• How can we ensure that health systems are reaching the most vulnerable in times of conflict and crisis?

  • Who benefits from new technologies and commodities and how can the health systems encourage – and ensure – equitable and ethical delivery of these public goods?

  • What are the ways in which we can interrogate our own institutions and systems to address racism, sexism, xenophobia, ableism, ageism, etc.?

  • How can we decolonise heath systems research and health systems strengthening?

Participation and voice

Participation is a key component of people-centered health systems. If we are going to achieve people-centered health systems, a range of diverse people need a voice and active role in health systems and health systems strengthening. Key issues and questions include:

  • How can community inclusion, involvement, and leadership shape health system strengthening?

  • What methodologies have broadened our understandings of people-centred health systems?

  • Do authoritarian regimes and political elites, at all levels, silence voice and/or prevent critique? How do they do this and what mechanisms can be used to successfully challenge these kinds of actors?

  • Who is bridging the interface between diverse communities and health system decision makers and practitioners?

  • Who speaks for whom and what are the politics of knowledge?

  • Amplification or appropriation – how can we communicate health systems research in an ethical manner?

  • How can we better support our colleagues at the frontlines of health systems – for example the workers and their unions?

Evidence and information

Knowledge is power, and information and evidence are not politically neutral building blocks of the health system. Key issues and questions include:

  • In an era where censorship, post-truths, and alternative facts increasingly pose a threat to science, how have health systems’ researchers responded?

  • How can we recognise and respond to the elitism within our systems of knowledge generation (in methods, communication styles and outputs etc.)?

  • What is the cutting edge evidence base on health systems emerging from communities and their representatives, such as community health workers?

  • What works and where are we going wrong in our international partnerships and collaborations for evidence generation?

  • Why is there so little support for qualitative research in the world of global health and what can we do about this?

  • How can we better ensure that knowledge is communicated beyond the ‘ivory tower’ to the communities, practitioners, and policy makers who need it for decision making?

Money and control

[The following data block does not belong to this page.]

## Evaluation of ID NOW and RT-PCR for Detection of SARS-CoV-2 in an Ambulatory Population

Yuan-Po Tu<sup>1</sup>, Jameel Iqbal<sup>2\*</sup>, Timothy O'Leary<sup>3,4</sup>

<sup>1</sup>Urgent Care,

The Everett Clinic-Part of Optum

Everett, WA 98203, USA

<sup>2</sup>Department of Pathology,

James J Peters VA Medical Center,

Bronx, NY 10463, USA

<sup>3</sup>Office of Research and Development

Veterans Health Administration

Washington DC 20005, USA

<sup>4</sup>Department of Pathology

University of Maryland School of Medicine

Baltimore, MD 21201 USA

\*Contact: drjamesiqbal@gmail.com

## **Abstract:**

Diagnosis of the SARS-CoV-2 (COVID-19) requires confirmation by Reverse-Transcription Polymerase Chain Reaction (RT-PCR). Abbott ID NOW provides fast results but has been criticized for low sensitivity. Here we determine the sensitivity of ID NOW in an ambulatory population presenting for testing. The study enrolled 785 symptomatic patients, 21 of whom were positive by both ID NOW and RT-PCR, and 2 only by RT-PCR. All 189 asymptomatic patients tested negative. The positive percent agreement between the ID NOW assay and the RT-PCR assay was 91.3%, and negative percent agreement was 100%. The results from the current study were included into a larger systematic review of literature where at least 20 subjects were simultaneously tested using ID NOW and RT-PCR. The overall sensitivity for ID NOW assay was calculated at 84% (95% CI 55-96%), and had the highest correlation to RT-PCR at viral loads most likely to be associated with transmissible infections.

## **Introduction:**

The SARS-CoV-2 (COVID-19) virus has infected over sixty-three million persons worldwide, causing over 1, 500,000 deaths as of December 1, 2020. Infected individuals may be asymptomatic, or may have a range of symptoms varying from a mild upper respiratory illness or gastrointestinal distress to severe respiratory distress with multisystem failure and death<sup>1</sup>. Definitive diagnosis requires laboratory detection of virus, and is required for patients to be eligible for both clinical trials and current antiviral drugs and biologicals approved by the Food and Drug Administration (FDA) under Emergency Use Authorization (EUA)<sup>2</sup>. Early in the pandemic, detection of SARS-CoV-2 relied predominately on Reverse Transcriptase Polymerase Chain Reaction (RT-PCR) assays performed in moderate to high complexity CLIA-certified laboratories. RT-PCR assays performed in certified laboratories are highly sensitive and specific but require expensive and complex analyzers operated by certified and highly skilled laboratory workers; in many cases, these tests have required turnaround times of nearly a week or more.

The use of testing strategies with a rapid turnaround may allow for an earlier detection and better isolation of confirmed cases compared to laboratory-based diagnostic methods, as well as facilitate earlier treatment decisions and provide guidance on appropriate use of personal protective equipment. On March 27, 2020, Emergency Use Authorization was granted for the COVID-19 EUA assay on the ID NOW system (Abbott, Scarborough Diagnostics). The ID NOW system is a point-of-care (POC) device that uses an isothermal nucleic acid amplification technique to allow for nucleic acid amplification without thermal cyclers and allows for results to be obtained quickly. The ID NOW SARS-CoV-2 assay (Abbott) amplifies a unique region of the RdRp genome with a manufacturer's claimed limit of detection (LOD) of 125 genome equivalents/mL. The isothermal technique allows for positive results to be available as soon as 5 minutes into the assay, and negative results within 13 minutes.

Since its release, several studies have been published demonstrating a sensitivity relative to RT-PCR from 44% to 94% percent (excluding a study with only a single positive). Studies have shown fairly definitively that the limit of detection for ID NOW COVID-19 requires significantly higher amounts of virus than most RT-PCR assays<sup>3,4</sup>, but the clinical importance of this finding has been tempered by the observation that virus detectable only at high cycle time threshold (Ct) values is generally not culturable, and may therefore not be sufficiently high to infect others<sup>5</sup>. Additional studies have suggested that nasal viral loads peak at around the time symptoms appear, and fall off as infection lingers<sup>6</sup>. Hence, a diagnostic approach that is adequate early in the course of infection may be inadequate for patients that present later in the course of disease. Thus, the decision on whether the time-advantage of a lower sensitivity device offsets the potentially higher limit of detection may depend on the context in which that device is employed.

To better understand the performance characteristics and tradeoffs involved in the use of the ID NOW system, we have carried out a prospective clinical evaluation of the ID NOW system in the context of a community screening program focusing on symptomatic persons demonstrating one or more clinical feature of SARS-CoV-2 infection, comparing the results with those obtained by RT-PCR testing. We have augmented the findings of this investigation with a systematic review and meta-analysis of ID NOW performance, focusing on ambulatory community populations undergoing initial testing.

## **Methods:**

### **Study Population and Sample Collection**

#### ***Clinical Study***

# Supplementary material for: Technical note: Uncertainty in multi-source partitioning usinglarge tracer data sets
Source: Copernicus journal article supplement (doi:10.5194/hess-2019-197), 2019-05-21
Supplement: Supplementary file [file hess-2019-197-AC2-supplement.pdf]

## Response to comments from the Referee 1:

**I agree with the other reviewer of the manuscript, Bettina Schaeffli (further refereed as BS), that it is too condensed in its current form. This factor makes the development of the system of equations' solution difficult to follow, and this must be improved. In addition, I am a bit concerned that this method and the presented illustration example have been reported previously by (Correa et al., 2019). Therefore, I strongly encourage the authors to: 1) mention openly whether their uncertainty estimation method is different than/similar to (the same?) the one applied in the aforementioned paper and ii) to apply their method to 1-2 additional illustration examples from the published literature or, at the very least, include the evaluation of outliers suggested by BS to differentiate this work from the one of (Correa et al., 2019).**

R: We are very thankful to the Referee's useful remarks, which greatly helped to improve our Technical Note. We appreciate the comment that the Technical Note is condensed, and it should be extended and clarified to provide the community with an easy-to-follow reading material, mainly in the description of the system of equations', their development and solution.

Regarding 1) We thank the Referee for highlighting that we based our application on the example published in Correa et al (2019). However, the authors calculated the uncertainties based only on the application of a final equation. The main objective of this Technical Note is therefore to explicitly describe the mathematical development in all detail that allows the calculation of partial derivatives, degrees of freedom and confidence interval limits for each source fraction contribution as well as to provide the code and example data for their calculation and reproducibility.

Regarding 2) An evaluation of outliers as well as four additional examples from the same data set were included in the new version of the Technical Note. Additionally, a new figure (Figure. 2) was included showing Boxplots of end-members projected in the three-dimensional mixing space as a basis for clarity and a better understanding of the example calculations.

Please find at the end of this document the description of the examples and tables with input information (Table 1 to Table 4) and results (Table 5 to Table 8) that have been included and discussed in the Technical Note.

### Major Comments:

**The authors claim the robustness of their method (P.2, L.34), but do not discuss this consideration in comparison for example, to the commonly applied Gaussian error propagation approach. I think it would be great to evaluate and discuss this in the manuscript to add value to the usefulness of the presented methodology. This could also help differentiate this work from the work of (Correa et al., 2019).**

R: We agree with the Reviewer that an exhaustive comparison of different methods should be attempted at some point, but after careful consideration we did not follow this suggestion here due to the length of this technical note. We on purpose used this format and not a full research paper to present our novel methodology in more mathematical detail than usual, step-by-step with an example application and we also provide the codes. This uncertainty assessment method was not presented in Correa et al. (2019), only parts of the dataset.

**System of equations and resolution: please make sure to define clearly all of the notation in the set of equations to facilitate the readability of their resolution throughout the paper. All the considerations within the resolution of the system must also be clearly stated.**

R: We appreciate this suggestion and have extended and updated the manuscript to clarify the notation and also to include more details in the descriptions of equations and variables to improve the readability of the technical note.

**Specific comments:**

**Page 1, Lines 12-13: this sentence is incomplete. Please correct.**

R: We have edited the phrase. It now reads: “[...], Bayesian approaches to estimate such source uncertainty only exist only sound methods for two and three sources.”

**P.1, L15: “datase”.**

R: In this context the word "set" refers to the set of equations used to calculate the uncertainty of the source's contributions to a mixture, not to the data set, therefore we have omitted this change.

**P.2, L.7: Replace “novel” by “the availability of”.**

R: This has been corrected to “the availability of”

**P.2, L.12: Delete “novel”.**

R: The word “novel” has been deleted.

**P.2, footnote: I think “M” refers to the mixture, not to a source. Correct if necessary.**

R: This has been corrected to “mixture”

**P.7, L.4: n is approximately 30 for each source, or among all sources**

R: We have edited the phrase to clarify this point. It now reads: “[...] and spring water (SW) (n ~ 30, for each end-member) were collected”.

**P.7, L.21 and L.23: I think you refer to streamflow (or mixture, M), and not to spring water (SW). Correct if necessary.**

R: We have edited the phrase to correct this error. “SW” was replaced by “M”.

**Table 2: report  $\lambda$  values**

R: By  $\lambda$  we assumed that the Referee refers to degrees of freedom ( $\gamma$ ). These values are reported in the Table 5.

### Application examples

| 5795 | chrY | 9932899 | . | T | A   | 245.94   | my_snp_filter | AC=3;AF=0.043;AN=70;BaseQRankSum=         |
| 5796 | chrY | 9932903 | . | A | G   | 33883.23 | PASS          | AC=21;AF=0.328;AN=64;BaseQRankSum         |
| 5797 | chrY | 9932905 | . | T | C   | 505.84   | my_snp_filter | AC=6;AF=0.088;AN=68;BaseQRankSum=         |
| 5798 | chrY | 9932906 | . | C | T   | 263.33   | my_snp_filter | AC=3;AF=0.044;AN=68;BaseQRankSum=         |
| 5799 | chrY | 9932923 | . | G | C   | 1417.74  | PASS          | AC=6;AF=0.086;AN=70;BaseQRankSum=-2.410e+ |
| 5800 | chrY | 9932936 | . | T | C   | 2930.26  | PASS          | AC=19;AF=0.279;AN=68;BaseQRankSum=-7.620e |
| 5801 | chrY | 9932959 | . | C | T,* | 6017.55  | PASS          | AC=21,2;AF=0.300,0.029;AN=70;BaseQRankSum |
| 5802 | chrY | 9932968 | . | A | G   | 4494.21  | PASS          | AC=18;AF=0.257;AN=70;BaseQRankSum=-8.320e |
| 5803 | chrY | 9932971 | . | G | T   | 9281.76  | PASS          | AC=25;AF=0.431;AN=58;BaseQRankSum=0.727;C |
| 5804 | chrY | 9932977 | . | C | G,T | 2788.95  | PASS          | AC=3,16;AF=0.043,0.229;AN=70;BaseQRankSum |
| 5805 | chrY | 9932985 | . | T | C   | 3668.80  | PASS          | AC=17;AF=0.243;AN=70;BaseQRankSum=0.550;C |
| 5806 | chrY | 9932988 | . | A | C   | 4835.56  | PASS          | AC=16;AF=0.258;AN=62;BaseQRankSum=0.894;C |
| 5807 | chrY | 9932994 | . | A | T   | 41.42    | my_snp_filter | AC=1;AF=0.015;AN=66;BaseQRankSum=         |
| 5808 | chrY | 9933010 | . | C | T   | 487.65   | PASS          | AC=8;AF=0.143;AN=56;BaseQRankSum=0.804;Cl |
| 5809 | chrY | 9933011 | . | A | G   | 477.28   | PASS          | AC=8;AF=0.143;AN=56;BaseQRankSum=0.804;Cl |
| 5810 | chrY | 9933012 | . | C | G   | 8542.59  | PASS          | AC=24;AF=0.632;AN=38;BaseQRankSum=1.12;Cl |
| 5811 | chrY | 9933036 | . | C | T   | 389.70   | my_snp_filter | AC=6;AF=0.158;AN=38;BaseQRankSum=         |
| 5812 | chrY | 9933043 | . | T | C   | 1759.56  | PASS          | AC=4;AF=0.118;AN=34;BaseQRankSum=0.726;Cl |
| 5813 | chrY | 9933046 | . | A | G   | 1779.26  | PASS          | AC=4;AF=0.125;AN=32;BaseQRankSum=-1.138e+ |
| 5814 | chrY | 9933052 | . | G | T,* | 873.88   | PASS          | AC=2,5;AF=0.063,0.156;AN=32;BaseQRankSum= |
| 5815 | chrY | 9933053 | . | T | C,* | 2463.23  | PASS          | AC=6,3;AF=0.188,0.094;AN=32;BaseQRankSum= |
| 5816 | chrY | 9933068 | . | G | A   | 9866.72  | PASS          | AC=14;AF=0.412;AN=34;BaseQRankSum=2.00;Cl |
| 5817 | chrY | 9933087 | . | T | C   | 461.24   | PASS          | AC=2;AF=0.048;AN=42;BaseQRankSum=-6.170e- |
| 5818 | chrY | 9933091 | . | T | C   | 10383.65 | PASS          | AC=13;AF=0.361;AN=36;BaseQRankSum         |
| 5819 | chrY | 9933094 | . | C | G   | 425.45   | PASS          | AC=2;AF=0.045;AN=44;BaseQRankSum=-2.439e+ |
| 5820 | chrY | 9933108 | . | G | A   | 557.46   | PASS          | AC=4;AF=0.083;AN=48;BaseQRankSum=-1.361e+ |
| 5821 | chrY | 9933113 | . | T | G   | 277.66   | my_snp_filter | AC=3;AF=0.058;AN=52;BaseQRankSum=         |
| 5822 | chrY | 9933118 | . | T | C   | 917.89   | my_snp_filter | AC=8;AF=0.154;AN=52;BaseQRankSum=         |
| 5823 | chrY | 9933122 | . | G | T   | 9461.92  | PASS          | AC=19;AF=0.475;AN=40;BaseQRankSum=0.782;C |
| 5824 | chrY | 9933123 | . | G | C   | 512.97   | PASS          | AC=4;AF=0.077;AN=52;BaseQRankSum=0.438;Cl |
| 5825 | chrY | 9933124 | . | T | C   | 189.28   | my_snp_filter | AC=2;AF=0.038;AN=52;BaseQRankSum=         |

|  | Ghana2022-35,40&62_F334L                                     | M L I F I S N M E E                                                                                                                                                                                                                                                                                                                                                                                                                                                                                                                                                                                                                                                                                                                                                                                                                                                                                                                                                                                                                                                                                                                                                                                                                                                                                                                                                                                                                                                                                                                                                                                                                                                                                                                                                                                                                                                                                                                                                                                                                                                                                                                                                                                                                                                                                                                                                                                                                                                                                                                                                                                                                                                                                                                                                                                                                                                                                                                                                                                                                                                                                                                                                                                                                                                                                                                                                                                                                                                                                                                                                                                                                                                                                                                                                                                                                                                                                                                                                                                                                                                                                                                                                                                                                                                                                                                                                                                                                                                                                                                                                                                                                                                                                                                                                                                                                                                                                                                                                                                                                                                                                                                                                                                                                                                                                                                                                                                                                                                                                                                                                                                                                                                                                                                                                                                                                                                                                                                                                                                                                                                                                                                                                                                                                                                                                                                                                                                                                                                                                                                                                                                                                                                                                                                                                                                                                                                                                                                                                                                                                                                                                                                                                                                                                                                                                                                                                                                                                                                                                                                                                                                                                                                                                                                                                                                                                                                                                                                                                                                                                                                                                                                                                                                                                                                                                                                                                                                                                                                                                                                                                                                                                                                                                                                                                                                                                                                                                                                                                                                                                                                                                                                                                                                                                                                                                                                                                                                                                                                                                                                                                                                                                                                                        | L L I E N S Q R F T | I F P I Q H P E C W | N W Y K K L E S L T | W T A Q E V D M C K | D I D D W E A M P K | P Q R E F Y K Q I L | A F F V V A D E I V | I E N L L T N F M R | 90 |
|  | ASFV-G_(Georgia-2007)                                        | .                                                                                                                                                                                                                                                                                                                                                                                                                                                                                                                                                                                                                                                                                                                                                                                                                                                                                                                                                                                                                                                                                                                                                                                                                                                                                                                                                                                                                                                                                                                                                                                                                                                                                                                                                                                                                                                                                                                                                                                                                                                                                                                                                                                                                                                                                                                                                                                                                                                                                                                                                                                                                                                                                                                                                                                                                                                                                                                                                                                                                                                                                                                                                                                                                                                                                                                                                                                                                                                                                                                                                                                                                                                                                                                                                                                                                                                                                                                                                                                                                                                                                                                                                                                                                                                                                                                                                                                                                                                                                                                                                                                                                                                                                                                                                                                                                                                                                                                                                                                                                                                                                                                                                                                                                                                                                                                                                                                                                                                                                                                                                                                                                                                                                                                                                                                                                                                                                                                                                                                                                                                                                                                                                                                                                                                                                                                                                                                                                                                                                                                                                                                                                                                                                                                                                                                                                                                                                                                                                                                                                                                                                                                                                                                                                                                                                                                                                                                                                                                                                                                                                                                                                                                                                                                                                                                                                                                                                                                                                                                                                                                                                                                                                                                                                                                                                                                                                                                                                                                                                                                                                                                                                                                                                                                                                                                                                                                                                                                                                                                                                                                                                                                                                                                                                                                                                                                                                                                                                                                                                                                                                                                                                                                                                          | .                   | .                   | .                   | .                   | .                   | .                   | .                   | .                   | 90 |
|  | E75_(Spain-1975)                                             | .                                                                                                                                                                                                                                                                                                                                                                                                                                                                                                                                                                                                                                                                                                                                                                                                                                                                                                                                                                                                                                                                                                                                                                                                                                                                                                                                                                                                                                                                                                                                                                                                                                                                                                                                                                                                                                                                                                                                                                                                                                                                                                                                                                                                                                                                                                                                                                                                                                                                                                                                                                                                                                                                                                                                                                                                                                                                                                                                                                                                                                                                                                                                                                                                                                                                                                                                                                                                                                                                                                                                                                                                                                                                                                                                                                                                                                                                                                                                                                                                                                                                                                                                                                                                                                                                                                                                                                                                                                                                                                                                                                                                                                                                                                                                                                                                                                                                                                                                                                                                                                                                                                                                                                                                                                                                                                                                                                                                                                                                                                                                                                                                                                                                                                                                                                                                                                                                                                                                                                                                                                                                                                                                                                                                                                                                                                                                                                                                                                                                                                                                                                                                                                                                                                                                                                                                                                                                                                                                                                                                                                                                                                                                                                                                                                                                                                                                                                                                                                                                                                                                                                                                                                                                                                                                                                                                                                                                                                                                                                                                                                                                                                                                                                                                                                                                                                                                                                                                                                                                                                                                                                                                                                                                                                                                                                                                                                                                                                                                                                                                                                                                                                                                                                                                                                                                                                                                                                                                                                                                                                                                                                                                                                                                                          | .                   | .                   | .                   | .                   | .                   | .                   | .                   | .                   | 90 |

Those who hold the purse strings can determine how money is spent and who benefits from investments. Key issues and questions include:

  • What are the potential avenues and political roadblocks to ensure financing for Universal Health Coverage?

  • What role if there for public-private partnerships in ensuring that patients are protected and practice is ethical?

  • How do donor practices shape the field of health systems research and the decisions that are made in practice?

Solidarity and resistance

Key issues and questions include:

  • Can an approach to health systems strengthening build on ‘planetary health’ thinking to prompt new ways of tackling old problems?

  • Many settings are experiencing conflict, economic and environmental instability, and migrant crises leading to the mass movements of people. How can we can ensure that health systems work across borders?

  • How can work on health systems resist and challenge fascism and authoritarianism?

  • Cross sectoral support for health is vital. How can we smash siloes to support health system development?

  • The long term nature of health system strengthening requires that those working in this area sustain energy and support hope – what strategies are there to connect health system workers, researchers, activists, developers, community representatives and campaigners over the longer term?

The goal of health systems research is to improve the performance of health systems – a focus on power, politics, equity, and rights asks “who for”? Issues of power and politics crosscut all components of the health system affecting who has access to the health system, experiences within the health system, as well as the institutions and processes that make up health systems research. The Fifth Global Symposium on Health Systems Research provides an opportunity for health systems researchers to come together and critically examine the ways in which power and politics shapes research and research institutions, and explore how we as a community can ensure that good health is attainable for everyone.